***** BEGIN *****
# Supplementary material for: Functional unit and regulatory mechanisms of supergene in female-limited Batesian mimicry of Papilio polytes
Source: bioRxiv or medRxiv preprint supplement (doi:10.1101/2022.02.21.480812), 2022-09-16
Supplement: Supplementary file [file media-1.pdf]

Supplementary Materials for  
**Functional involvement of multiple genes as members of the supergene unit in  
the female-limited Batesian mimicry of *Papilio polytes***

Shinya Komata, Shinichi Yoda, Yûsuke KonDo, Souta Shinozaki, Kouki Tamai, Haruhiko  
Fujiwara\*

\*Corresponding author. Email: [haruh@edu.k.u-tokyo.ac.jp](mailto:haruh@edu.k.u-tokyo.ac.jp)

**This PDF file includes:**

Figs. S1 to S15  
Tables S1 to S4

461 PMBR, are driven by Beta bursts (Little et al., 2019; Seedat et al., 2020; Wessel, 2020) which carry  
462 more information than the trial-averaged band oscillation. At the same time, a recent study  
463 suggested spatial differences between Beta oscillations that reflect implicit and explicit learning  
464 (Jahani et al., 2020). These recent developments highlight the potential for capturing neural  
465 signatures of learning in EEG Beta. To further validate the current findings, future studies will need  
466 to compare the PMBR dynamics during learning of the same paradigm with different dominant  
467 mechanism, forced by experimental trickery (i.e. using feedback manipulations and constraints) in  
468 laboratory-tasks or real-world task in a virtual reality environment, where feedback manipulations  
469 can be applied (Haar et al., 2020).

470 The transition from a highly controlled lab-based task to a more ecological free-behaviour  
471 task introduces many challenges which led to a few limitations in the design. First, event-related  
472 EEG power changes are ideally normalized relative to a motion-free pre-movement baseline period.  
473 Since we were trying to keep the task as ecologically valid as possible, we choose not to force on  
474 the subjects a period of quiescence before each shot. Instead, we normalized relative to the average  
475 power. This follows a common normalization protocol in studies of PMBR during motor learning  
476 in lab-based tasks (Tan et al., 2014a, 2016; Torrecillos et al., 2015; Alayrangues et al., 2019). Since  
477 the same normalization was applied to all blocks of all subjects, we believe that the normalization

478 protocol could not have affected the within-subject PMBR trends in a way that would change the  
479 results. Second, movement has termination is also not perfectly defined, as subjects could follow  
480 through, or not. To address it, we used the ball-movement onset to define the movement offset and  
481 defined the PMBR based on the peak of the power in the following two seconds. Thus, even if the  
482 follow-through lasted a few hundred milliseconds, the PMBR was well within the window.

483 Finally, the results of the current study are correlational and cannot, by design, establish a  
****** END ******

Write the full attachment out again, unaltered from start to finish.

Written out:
# Supplementary material for: Functional unit and regulatory mechanisms of supergene in female-limited Batesian mimicry of Papilio polytes
Source: bioRxiv or medRxiv preprint supplement (doi:10.1101/2022.02.21.480812), 2022-09-16
Supplement: Supplementary file [file media-1.pdf]

Supplementary Materials for  
**Functional involvement of multiple genes as members of the supergene unit in  
the female-limited Batesian mimicry of *Papilio polytes***

Shinya Komata, Shinichi Yoda, Yûsuke KonDo, Souta Shinozaki, Kouki Tamai, Haruhiko  
Fujiwara\*

\*Corresponding author. Email: [haruh@edu.k.u-tokyo.ac.jp](mailto:haruh@edu.k.u-tokyo.ac.jp)

**This PDF file includes:**

Figs. S1 to S15  
Tables S1 to S4

461 PMBR, are driven by Beta bursts (Little et al., 2019; Seedat et al., 2020; Wessel, 2020) which carry  
462 more information than the trial-averaged band oscillation. At the same time, a recent study  
463 suggested spatial differences between Beta oscillations that reflect implicit and explicit learning  
464 (Jahani et al., 2020). These recent developments highlight the potential for capturing neural  
465 signatures of learning in EEG Beta. To further validate the current findings, future studies will need  
466 to compare the PMBR dynamics during learning of the same paradigm with different dominant  
467 mechanism, forced by experimental trickery (i.e. using feedback manipulations and constraints) in  
468 laboratory-tasks or real-world task in a virtual reality environment, where feedback manipulations  
469 can be applied (Haar et al., 2020).

470 The transition from a highly controlled lab-based task to a more ecological free-behaviour  
471 task introduces many challenges which led to a few limitations in the design. First, event-related  
472 EEG power changes are ideally normalized relative to a motion-free pre-movement baseline period.  
473 Since we were trying to keep the task as ecologically valid as possible, we choose not to force on  
474 the subjects a period of quiescence before each shot. Instead, we normalized relative to the average  
475 power. This follows a common normalization protocol in studies of PMBR during motor learning  
476 in lab-based tasks (Tan et al., 2014a, 2016; Torrecillos et al., 2015; Alayrangues et al., 2019). Since  
477 the same normalization was applied to all blocks of all subjects, we believe that the normalization

478 protocol could not have affected the within-subject PMBR trends in a way that would change the  
479 results. Second, movement has termination is also not perfectly defined, as subjects could follow  
480 through, or not. To address it, we used the ball-movement onset to define the movement offset and  
481 defined the PMBR based on the peak of the power in the following two seconds. Thus, even if the  
482 follow-through lasted a few hundred milliseconds, the PMBR was well within the window.

483 Finally, the results of the current study are correlational and cannot, by design, establish a  